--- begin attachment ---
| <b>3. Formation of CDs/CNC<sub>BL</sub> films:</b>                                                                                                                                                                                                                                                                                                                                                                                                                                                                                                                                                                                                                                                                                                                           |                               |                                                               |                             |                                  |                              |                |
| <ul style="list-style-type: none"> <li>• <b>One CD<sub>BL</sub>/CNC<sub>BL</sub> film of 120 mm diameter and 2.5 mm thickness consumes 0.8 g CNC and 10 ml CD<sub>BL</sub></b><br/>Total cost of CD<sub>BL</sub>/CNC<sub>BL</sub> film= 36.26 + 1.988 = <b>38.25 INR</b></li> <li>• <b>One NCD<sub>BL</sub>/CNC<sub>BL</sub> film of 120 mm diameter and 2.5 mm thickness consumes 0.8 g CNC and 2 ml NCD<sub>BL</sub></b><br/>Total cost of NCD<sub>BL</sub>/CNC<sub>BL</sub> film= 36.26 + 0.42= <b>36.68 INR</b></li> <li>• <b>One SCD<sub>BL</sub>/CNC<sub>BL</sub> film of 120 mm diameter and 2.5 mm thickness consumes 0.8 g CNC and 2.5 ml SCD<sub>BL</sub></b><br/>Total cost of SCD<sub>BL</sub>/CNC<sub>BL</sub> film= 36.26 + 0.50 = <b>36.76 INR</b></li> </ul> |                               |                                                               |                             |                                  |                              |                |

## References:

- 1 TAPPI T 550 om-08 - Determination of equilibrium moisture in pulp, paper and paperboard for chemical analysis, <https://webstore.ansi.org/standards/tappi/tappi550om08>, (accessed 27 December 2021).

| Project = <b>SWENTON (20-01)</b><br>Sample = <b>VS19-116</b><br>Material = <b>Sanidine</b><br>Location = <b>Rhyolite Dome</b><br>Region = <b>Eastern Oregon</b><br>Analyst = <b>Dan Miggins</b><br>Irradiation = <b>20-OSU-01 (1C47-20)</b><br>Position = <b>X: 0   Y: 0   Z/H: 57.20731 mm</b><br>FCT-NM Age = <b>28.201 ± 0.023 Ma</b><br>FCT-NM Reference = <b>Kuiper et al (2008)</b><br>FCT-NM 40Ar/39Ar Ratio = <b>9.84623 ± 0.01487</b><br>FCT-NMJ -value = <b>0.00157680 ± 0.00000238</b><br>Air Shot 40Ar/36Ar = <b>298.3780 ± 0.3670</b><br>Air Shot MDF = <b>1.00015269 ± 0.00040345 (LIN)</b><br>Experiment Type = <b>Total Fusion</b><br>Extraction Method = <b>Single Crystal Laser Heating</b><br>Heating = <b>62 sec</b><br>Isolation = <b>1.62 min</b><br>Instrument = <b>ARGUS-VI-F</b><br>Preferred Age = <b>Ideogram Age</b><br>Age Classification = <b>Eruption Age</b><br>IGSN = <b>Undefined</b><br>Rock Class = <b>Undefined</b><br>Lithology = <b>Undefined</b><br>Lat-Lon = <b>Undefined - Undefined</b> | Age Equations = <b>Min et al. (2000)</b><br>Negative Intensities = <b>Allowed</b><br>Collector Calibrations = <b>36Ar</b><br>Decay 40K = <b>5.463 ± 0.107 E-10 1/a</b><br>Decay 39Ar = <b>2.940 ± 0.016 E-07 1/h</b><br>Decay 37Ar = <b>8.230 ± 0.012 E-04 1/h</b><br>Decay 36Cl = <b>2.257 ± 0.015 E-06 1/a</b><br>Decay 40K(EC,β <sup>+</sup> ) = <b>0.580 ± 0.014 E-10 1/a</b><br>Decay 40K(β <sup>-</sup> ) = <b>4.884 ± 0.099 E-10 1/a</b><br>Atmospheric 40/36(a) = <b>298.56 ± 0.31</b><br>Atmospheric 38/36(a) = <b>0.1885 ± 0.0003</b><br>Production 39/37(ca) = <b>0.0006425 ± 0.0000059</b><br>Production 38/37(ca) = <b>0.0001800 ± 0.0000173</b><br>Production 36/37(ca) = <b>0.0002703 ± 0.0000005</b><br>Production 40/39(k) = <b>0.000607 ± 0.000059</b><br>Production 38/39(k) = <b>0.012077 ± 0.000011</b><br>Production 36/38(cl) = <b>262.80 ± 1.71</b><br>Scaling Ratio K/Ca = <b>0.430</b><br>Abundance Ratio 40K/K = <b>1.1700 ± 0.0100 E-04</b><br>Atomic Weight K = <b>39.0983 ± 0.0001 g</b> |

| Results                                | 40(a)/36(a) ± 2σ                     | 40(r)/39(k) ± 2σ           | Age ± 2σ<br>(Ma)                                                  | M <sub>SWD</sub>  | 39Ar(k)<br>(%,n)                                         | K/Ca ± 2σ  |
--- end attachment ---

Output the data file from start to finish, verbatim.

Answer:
| <b>3. Formation of CDs/CNC<sub>BL</sub> films:</b>                                                                                                                                                                                                                                                                                                                                                                                                                                                                                                                                                                                                                                                                                                                           |                               |                                                               |                             |                                  |                              |                |
| <ul style="list-style-type: none"> <li>• <b>One CD<sub>BL</sub>/CNC<sub>BL</sub> film of 120 mm diameter and 2.5 mm thickness consumes 0.8 g CNC and 10 ml CD<sub>BL</sub></b><br/>Total cost of CD<sub>BL</sub>/CNC<sub>BL</sub> film= 36.26 + 1.988 = <b>38.25 INR</b></li> <li>• <b>One NCD<sub>BL</sub>/CNC<sub>BL</sub> film of 120 mm diameter and 2.5 mm thickness consumes 0.8 g CNC and 2 ml NCD<sub>BL</sub></b><br/>Total cost of NCD<sub>BL</sub>/CNC<sub>BL</sub> film= 36.26 + 0.42= <b>36.68 INR</b></li> <li>• <b>One SCD<sub>BL</sub>/CNC<sub>BL</sub> film of 120 mm diameter and 2.5 mm thickness consumes 0.8 g CNC and 2.5 ml SCD<sub>BL</sub></b><br/>Total cost of SCD<sub>BL</sub>/CNC<sub>BL</sub> film= 36.26 + 0.50 = <b>36.76 INR</b></li> </ul> |                               |                                                               |                             |                                  |                              |                |

## References:

- 1 TAPPI T 550 om-08 - Determination of equilibrium moisture in pulp, paper and paperboard for chemical analysis, <https://webstore.ansi.org/standards/tappi/tappi550om08>, (accessed 27 December 2021).

| Project = <b>SWENTON (20-01)</b><br>Sample = <b>VS19-116</b><br>Material = <b>Sanidine</b><br>Location = <b>Rhyolite Dome</b><br>Region = <b>Eastern Oregon</b><br>Analyst = <b>Dan Miggins</b><br>Irradiation = <b>20-OSU-01 (1C47-20)</b><br>Position = <b>X: 0   Y: 0   Z/H: 57.20731 mm</b><br>FCT-NM Age = <b>28.201 ± 0.023 Ma</b><br>FCT-NM Reference = <b>Kuiper et al (2008)</b><br>FCT-NM 40Ar/39Ar Ratio = <b>9.84623 ± 0.01487</b><br>FCT-NMJ -value = <b>0.00157680 ± 0.00000238</b><br>Air Shot 40Ar/36Ar = <b>298.3780 ± 0.3670</b><br>Air Shot MDF = <b>1.00015269 ± 0.00040345 (LIN)</b><br>Experiment Type = <b>Total Fusion</b><br>Extraction Method = <b>Single Crystal Laser Heating</b><br>Heating = <b>62 sec</b><br>Isolation = <b>1.62 min</b><br>Instrument = <b>ARGUS-VI-F</b><br>Preferred Age = <b>Ideogram Age</b><br>Age Classification = <b>Eruption Age</b><br>IGSN = <b>Undefined</b><br>Rock Class = <b>Undefined</b><br>Lithology = <b>Undefined</b><br>Lat-Lon = <b>Undefined - Undefined</b> | Age Equations = <b>Min et al. (2000)</b><br>Negative Intensities = <b>Allowed</b><br>Collector Calibrations = <b>36Ar</b><br>Decay 40K = <b>5.463 ± 0.107 E-10 1/a</b><br>Decay 39Ar = <b>2.940 ± 0.016 E-07 1/h</b><br>Decay 37Ar = <b>8.230 ± 0.012 E-04 1/h</b><br>Decay 36Cl = <b>2.257 ± 0.015 E-06 1/a</b><br>Decay 40K(EC,β <sup>+</sup> ) = <b>0.580 ± 0.014 E-10 1/a</b><br>Decay 40K(β <sup>-</sup> ) = <b>4.884 ± 0.099 E-10 1/a</b><br>Atmospheric 40/36(a) = <b>298.56 ± 0.31</b><br>Atmospheric 38/36(a) = <b>0.1885 ± 0.0003</b><br>Production 39/37(ca) = <b>0.0006425 ± 0.0000059</b><br>Production 38/37(ca) = <b>0.0001800 ± 0.0000173</b><br>Production 36/37(ca) = <b>0.0002703 ± 0.0000005</b><br>Production 40/39(k) = <b>0.000607 ± 0.000059</b><br>Production 38/39(k) = <b>0.012077 ± 0.000011</b><br>Production 36/38(cl) = <b>262.80 ± 1.71</b><br>Scaling Ratio K/Ca = <b>0.430</b><br>Abundance Ratio 40K/K = <b>1.1700 ± 0.0100 E-04</b><br>Atomic Weight K = <b>39.0983 ± 0.0001 g</b> |

| Results                                | 40(a)/36(a) ± 2σ                     | 40(r)/39(k) ± 2σ           | Age ± 2σ<br>(Ma)                                                  | M <sub>SWD</sub>  | 39Ar(k)<br>(%,n)                                         | K/Ca ± 2σ  |